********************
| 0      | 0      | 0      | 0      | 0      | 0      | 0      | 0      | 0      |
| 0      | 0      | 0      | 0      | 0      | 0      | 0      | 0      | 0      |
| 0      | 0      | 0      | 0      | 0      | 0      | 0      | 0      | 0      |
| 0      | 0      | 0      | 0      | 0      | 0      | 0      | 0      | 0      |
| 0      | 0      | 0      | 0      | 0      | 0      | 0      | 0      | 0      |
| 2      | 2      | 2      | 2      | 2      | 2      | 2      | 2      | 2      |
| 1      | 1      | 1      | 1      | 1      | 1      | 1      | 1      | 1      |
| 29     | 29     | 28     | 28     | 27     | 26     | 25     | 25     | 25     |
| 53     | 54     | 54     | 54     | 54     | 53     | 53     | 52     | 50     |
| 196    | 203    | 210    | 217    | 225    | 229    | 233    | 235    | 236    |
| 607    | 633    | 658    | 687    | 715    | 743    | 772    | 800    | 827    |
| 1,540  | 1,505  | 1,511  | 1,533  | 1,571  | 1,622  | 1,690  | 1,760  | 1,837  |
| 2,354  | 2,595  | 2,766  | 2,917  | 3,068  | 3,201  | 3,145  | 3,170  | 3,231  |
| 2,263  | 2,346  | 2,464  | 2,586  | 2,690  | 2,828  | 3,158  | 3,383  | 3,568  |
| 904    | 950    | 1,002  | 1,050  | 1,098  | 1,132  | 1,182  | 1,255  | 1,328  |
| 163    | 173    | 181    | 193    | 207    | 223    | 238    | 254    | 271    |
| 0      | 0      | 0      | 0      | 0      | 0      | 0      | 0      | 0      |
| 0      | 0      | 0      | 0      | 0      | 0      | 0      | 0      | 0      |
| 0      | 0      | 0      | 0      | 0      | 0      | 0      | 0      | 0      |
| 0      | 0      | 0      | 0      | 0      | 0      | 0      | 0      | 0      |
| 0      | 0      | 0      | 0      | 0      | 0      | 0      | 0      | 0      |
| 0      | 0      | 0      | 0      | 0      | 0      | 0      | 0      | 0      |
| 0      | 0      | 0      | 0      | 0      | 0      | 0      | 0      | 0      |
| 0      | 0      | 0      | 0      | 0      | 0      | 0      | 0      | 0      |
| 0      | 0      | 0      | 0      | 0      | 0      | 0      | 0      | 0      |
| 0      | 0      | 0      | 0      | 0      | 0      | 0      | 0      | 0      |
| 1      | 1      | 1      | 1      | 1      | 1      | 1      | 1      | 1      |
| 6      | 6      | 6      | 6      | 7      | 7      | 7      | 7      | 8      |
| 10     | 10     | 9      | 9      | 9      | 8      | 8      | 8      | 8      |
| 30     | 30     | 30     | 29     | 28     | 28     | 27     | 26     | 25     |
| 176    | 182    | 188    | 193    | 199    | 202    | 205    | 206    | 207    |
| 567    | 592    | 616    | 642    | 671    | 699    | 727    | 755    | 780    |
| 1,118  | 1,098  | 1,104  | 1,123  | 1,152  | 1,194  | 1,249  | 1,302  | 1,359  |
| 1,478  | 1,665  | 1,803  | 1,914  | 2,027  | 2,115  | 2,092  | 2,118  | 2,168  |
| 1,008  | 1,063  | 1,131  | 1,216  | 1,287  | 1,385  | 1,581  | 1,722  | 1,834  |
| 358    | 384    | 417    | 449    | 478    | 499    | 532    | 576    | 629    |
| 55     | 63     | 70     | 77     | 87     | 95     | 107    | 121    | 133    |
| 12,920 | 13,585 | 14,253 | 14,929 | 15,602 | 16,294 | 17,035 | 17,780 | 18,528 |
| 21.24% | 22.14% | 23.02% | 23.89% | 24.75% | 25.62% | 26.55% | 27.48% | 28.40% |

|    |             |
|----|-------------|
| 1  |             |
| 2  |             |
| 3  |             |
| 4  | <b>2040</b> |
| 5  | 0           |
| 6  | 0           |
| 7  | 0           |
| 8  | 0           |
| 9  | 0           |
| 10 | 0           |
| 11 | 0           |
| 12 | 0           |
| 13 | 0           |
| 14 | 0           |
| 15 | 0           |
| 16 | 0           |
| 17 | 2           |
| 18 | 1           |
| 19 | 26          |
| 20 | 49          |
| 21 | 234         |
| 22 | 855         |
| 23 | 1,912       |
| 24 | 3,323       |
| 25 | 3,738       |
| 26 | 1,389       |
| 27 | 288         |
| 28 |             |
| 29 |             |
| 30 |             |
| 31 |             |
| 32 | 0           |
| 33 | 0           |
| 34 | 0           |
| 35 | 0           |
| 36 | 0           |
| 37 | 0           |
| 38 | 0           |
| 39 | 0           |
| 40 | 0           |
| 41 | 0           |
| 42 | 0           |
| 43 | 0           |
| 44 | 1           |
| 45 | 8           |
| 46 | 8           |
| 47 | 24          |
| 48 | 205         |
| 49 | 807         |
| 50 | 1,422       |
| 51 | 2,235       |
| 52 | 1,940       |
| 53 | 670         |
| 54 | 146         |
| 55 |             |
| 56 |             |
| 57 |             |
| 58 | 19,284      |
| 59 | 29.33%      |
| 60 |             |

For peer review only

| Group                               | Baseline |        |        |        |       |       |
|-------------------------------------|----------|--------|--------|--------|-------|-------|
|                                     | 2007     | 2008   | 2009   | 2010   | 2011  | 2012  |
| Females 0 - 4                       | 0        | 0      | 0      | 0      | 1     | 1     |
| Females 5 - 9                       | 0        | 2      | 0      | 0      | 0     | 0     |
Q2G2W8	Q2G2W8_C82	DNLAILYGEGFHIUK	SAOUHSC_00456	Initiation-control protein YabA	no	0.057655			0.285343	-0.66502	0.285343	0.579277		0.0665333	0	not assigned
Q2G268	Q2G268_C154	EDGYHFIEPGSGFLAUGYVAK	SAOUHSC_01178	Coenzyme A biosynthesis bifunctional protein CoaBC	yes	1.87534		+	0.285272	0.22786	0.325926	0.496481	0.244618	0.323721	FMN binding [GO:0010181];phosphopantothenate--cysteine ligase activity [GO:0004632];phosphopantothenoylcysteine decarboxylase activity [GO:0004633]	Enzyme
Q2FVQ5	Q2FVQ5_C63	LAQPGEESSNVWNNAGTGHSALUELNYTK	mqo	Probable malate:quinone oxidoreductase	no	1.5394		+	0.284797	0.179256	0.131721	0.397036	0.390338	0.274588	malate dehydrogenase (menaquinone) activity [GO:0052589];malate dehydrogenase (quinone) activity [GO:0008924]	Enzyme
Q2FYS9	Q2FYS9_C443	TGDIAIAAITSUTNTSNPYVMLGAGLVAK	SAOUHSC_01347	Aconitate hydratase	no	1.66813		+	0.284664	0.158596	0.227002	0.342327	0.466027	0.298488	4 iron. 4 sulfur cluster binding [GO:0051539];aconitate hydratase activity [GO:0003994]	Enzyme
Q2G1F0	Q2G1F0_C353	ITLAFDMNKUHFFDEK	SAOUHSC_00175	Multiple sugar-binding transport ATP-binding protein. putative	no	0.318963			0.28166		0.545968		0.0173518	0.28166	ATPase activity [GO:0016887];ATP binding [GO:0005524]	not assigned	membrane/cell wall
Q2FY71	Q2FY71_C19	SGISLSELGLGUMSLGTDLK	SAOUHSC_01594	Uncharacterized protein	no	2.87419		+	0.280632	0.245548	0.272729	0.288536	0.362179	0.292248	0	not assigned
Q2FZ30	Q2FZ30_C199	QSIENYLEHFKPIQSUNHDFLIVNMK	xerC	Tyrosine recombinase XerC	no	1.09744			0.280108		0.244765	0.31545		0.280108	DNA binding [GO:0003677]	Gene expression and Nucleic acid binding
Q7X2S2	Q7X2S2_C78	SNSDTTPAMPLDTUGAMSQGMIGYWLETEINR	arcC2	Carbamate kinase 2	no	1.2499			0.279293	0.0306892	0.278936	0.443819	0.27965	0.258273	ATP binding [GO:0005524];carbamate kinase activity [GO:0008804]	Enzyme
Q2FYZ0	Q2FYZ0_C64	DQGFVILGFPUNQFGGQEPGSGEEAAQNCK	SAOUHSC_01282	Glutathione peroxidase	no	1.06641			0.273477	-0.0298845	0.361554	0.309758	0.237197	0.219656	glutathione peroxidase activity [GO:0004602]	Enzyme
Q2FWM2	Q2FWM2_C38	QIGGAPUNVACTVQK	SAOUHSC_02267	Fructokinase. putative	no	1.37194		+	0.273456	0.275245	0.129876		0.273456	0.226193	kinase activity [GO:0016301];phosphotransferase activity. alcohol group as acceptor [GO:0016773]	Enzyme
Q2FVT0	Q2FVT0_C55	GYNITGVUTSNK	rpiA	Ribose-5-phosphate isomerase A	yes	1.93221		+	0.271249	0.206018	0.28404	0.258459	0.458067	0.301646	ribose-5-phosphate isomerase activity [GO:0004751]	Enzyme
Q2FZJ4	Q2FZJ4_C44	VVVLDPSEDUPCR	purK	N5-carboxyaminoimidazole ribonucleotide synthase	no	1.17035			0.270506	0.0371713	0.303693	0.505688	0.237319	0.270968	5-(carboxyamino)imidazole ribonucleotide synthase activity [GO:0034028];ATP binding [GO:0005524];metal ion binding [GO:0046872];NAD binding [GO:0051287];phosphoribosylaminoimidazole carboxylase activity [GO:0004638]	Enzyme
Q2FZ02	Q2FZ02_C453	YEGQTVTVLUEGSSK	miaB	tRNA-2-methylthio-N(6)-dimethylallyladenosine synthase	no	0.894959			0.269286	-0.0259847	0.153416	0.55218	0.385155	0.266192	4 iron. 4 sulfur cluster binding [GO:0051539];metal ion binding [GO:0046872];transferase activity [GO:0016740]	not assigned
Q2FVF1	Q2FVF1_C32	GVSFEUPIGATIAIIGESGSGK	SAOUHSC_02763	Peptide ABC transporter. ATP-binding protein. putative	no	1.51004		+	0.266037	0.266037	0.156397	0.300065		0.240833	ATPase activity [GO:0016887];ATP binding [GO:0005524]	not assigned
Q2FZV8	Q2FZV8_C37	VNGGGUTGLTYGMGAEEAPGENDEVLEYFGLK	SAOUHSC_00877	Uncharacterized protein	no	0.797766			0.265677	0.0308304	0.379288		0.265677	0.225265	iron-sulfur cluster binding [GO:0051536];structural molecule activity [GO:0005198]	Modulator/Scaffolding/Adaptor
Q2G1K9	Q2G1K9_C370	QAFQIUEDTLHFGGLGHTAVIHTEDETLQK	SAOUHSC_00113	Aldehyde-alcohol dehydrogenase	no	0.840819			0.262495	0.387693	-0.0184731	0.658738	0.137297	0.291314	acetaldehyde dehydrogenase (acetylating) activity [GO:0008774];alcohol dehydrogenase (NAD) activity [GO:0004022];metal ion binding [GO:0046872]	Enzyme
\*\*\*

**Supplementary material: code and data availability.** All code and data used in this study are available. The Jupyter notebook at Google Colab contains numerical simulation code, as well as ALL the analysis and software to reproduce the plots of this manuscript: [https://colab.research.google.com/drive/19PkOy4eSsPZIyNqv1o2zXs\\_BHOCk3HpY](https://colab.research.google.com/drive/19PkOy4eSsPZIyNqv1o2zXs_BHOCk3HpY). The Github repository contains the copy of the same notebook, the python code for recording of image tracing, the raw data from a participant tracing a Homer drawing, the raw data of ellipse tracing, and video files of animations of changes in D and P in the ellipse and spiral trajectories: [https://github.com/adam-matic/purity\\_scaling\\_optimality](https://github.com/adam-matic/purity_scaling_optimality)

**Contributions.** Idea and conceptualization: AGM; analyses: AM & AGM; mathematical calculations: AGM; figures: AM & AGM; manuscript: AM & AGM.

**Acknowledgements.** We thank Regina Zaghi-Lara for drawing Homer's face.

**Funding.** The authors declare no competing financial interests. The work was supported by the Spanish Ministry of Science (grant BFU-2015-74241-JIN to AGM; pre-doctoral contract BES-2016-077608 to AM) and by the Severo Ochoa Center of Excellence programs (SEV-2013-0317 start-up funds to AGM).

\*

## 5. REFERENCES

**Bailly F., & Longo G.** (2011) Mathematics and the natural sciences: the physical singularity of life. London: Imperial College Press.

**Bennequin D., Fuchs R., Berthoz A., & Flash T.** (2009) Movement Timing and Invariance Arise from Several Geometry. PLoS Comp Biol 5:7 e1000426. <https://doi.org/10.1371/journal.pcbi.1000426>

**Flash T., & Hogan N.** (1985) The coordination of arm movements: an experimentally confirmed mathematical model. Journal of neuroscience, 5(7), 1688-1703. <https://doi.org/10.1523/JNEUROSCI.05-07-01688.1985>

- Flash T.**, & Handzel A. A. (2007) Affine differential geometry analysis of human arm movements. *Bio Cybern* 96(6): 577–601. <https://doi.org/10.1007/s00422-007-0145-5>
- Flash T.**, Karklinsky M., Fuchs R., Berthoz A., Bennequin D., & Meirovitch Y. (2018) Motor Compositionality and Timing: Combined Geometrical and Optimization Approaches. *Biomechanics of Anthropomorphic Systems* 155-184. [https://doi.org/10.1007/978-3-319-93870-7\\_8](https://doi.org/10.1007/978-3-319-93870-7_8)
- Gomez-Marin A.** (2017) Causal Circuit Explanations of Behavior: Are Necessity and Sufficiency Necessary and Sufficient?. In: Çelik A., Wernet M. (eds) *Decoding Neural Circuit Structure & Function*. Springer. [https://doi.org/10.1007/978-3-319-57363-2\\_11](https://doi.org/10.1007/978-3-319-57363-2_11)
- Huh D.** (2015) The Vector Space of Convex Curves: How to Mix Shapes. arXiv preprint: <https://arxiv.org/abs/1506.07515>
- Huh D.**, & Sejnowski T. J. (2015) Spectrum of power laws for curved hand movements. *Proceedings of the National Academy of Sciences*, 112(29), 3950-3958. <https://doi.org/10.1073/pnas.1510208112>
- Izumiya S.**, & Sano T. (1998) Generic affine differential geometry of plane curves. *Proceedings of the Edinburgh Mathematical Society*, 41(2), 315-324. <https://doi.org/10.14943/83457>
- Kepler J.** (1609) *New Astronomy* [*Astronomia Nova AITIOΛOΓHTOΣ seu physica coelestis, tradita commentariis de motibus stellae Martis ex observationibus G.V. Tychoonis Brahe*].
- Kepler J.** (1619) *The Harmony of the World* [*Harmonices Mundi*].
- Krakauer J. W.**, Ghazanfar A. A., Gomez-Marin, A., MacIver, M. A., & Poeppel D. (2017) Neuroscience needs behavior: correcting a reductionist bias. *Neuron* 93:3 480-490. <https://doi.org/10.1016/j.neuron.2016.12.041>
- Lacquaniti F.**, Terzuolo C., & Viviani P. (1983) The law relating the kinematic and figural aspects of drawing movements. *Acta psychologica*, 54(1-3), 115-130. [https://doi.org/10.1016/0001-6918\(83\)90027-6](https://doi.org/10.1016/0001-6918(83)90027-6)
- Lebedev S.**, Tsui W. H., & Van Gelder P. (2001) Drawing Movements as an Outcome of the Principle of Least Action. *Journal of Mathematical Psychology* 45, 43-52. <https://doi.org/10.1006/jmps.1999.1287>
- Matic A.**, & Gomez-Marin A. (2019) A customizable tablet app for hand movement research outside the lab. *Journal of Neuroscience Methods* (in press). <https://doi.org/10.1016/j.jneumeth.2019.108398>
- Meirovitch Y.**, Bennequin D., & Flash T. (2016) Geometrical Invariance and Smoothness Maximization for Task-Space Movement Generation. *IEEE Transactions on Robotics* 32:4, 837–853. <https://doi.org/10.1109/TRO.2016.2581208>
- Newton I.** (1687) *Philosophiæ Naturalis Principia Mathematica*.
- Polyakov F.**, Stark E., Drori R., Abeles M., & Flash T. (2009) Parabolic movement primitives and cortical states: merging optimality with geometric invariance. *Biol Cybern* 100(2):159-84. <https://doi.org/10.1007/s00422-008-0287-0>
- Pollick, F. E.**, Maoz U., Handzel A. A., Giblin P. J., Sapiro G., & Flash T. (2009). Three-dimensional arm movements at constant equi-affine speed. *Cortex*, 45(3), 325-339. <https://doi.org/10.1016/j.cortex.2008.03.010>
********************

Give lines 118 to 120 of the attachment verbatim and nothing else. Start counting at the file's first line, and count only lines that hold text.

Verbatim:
Q2FVT0	Q2FVT0_C55	GYNITGVUTSNK	rpiA	Ribose-5-phosphate isomerase A	yes	1.93221		+	0.271249	0.206018	0.28404	0.258459	0.458067	0.301646	ribose-5-phosphate isomerase activity [GO:0004751]	Enzyme
Q2FZJ4	Q2FZJ4_C44	VVVLDPSEDUPCR	purK	N5-carboxyaminoimidazole ribonucleotide synthase	no	1.17035			0.270506	0.0371713	0.303693	0.505688	0.237319	0.270968	5-(carboxyamino)imidazole ribonucleotide synthase activity [GO:0034028];ATP binding [GO:0005524];metal ion binding [GO:0046872];NAD binding [GO:0051287];phosphoribosylaminoimidazole carboxylase activity [GO:0004638]	Enzyme
Q2FZ02	Q2FZ02_C453	YEGQTVTVLUEGSSK	miaB	tRNA-2-methylthio-N(6)-dimethylallyladenosine synthase	no	0.894959			0.269286	-0.0259847	0.153416	0.55218	0.385155	0.266192	4 iron. 4 sulfur cluster binding [GO:0051539];metal ion binding [GO:0046872];transferase activity [GO:0016740]	not assigned